What would you like to do?
· This collects data that does not already exist.
· Survey, questionnaire, interview, observation.
- This looks at existing data.
- It may be a summary, collation or synthesis of information.
- Looks at what humans behaviour and the reasons behind it.
- What people do and why.
- Quantitative research systematic empirical investigation quantitative properties.
- How many people do these things and how often.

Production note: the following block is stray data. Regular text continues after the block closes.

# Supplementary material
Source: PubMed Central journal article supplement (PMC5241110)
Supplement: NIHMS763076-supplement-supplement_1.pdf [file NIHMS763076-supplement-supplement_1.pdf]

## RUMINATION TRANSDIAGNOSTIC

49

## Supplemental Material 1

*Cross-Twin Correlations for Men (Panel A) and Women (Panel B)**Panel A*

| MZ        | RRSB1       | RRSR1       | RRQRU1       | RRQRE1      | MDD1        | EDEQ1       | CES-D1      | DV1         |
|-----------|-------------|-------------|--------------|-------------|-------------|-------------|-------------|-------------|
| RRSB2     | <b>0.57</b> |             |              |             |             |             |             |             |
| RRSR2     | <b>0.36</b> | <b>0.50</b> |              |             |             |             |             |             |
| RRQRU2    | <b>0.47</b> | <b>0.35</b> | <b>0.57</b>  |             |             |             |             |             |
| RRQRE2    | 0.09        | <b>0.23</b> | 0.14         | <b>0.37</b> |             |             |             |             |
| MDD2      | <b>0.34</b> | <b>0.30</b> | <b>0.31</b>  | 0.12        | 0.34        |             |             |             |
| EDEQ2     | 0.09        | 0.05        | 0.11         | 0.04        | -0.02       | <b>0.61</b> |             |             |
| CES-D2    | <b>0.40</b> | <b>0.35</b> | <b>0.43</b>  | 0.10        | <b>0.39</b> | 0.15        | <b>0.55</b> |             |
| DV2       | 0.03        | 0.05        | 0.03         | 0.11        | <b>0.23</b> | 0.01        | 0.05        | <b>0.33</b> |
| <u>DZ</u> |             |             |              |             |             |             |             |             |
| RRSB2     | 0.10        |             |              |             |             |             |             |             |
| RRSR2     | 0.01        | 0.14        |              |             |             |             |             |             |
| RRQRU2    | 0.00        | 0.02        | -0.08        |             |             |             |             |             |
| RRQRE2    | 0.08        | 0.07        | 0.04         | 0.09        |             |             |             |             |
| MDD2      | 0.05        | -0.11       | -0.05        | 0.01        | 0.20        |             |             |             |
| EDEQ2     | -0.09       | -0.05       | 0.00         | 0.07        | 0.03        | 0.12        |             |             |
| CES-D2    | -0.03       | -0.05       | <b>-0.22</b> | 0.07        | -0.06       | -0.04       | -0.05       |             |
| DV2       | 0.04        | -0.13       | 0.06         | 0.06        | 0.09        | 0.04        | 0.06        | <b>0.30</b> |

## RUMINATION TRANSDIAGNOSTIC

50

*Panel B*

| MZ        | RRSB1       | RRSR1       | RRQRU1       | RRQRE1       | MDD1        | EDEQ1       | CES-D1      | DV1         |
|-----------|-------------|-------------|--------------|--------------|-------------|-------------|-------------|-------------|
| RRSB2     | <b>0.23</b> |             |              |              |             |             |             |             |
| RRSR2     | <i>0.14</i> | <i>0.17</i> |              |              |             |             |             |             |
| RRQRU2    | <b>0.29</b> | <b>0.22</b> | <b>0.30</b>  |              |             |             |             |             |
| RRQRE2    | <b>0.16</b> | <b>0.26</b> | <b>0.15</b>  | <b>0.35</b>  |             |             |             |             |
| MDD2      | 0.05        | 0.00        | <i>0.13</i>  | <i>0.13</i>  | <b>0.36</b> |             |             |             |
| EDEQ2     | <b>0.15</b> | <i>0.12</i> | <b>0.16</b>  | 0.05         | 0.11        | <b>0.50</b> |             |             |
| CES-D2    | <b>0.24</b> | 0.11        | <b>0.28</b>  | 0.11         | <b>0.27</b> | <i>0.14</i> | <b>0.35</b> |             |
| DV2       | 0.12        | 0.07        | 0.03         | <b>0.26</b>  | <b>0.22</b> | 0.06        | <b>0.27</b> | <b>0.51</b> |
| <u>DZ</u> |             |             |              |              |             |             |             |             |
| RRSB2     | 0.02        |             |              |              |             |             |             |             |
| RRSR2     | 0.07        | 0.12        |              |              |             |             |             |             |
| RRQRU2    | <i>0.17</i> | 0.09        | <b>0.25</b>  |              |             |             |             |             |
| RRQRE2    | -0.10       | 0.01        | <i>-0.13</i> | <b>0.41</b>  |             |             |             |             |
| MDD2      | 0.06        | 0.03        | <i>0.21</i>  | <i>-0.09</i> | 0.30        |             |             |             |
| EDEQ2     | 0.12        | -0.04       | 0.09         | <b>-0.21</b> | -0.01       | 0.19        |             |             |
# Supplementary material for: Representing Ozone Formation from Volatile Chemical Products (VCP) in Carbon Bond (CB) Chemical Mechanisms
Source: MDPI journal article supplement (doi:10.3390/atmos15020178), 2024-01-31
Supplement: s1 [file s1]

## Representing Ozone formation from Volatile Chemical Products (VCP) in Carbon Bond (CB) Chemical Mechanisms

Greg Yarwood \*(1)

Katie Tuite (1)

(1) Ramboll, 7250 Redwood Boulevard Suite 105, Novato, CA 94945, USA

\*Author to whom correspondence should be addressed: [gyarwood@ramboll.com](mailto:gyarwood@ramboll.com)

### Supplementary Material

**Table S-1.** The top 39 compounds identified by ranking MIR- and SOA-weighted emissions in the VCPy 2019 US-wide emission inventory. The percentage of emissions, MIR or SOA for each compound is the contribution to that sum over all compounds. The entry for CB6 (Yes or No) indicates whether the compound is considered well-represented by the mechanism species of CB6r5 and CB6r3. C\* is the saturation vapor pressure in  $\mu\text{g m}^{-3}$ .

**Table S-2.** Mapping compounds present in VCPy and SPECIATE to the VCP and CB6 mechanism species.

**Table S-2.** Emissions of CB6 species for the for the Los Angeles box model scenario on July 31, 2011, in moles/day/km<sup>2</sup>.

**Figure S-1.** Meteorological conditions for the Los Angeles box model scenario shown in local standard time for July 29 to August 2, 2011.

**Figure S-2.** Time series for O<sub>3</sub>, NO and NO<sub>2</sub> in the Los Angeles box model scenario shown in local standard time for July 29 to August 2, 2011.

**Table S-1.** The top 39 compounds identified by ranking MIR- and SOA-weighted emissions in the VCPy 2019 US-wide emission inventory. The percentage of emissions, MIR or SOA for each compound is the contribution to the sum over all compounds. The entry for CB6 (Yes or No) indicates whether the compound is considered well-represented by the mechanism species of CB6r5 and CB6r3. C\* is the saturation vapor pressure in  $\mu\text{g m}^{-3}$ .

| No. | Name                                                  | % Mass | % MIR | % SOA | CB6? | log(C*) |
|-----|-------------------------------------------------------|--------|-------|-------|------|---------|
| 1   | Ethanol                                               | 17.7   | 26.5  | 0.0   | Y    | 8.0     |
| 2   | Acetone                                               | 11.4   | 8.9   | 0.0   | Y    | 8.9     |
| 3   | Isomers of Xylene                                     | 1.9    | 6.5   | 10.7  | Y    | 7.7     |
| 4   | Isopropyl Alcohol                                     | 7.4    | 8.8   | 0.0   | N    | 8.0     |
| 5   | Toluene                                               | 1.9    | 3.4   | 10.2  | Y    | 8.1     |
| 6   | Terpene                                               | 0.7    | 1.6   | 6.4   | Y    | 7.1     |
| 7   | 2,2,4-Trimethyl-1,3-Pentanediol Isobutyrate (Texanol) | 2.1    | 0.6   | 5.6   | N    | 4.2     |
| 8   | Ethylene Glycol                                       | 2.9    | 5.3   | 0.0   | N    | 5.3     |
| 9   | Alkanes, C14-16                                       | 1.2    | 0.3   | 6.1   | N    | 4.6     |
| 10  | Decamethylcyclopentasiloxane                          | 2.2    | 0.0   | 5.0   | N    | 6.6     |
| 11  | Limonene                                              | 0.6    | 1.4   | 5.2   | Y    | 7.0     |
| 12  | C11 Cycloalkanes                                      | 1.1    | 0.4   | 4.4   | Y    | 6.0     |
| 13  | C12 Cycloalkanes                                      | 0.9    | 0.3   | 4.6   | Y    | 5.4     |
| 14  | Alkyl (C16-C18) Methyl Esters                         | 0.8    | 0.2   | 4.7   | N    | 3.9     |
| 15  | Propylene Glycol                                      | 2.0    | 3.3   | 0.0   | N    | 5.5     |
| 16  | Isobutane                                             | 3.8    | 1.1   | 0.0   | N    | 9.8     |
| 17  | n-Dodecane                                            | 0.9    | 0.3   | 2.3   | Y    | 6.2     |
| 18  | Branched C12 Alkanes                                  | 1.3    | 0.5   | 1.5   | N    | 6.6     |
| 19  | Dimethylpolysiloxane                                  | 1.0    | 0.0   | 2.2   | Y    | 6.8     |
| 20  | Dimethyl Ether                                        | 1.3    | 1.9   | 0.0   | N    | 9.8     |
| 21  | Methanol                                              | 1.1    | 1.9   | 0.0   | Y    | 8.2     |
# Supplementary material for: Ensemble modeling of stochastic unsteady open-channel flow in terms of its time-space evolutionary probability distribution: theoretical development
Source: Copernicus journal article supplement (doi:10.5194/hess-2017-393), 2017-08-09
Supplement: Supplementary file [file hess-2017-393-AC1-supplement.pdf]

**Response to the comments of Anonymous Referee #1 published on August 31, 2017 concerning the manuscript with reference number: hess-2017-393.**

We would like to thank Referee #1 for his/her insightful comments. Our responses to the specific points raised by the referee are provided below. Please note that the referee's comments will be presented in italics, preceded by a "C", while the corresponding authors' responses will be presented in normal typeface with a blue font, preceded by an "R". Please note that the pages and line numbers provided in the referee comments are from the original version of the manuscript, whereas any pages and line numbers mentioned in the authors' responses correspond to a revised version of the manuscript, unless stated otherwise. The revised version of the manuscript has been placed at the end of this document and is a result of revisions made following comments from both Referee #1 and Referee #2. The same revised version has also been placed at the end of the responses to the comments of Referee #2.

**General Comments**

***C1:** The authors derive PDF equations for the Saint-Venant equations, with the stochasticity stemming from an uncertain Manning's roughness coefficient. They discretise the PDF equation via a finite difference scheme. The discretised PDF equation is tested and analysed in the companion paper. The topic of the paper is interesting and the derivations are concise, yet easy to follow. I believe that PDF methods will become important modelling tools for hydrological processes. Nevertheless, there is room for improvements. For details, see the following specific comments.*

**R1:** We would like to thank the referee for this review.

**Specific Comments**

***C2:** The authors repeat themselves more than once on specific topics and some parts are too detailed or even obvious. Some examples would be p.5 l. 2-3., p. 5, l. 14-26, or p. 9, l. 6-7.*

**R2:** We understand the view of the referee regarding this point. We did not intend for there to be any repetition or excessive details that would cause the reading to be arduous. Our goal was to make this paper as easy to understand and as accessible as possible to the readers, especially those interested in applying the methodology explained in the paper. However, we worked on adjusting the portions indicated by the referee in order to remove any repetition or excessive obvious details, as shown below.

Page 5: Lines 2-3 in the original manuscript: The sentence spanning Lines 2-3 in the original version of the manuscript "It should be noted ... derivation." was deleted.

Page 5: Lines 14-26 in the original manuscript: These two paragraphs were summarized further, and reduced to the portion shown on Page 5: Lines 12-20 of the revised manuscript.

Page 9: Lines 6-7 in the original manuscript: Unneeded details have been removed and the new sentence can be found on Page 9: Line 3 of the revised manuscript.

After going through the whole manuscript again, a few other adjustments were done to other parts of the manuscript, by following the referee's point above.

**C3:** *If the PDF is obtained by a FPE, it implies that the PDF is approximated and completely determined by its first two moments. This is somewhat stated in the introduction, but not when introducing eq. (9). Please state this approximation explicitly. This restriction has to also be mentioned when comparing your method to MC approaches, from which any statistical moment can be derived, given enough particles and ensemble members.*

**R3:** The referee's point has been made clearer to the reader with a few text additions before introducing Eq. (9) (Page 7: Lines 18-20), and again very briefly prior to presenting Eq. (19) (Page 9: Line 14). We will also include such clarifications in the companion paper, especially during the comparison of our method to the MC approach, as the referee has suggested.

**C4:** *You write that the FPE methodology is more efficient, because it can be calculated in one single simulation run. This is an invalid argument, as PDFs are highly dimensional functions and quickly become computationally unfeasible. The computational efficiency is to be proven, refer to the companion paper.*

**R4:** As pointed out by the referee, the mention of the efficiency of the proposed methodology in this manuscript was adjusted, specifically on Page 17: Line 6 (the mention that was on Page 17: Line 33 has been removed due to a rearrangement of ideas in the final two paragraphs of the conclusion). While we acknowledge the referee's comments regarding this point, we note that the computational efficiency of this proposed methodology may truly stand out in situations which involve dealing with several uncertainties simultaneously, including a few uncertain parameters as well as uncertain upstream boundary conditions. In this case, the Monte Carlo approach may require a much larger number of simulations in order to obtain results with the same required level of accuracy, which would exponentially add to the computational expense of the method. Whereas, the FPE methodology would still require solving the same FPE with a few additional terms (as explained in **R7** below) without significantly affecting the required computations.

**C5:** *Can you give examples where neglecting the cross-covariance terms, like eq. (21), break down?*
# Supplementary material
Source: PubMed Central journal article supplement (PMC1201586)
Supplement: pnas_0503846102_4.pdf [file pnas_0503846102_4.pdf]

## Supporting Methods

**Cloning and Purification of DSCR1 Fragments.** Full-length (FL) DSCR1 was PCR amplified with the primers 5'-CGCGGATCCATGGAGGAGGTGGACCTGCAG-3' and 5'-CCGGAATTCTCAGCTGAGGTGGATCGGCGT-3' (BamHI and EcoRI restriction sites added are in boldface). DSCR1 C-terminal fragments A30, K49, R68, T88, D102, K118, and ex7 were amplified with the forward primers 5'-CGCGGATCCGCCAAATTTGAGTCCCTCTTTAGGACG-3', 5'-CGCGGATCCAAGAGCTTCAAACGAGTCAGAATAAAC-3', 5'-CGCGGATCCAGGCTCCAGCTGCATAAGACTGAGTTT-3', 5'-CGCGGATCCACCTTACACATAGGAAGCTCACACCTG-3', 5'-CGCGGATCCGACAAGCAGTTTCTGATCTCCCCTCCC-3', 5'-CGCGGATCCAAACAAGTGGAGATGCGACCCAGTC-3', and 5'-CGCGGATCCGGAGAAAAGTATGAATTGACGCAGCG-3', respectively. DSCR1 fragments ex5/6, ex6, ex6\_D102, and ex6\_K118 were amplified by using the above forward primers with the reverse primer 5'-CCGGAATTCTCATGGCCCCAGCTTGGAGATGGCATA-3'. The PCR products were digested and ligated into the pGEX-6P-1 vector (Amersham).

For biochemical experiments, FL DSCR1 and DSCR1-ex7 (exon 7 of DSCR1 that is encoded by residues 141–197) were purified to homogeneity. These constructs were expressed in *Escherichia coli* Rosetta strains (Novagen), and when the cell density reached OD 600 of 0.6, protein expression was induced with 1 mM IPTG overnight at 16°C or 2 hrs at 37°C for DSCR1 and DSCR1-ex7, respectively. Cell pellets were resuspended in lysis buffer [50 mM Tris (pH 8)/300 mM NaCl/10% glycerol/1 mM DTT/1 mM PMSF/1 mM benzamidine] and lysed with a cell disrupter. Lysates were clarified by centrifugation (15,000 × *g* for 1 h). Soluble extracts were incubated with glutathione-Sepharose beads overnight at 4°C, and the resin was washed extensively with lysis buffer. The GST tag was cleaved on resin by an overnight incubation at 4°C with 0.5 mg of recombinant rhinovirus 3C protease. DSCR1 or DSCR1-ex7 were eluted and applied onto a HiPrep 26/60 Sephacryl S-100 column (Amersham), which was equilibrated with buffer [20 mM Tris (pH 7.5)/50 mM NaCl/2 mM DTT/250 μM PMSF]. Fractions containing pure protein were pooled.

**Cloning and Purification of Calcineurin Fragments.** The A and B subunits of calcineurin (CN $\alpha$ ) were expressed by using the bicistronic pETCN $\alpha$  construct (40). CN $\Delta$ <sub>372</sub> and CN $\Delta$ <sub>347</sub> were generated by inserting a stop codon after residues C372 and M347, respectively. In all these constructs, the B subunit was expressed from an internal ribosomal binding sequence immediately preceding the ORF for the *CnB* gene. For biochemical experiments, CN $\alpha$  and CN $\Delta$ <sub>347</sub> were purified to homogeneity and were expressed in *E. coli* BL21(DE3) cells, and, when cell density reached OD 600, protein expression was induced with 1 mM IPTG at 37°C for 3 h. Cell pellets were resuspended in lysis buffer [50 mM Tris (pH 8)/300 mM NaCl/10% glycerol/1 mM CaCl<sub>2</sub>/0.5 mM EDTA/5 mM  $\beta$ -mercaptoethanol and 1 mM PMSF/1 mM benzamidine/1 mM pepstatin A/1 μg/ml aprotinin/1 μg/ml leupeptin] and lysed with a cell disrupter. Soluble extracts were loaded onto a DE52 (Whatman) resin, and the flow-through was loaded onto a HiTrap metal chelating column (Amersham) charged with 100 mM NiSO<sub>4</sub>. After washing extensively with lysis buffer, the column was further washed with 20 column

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There are different types of research papers: • Case studies. • Compare and contrast papers. • Argumentative papers. • Analytical papers. • Cause and effect pap…ers. • Reports. • Subject-based papers. • Survey research and data analysis. Case studies A case study is an in-depth study of a particular situation rather than a statistical survey. It is a narrow method of reporting on a topic or situation often giving context to other research. Compare and contrast papers A compare and contrast research paper discusses the pros and cons of two pieces of work. The writer needs to do enough research on both pieces of work to be able to make comparisons and contrasts critically. Argumentative papers This is a paper which contains arguments, the writer's personal points of view and a solution. It is often about a controversial issue. It will contain a balanced argument from both sides. If the writer is going to stay neutral he should make sure that he does not write more points for one side than the other. Analytical papers This type of research contains various sources of information that analyse different points of view on a given topic. The writer has a broad and open approach, studying a wide variety of resources, and coming to a general conclusion at the end. Cause and effect papers This type of research is often used in business or education. The writer analyses the reason for the probable (cause) and the result (effect). Reports Reports are one of the professional types of research papers. There are different types of reports: • project reports • annual reports • quarterly or half-yearly reports • focus group reports. Subject-based papers This is the most common type of paper written by learners in schools and colleges. Subject-based papers are usually on a given topic decided by the teacher or tutor. A student should research the topic, looking at a variety of resources and then write the paper. Different types of research Survey research The researcher collects the information, analyses the data and reports the results. Examples of survey research are: • public opinion polls • mail surveys • telephone surveys • consumer surveys.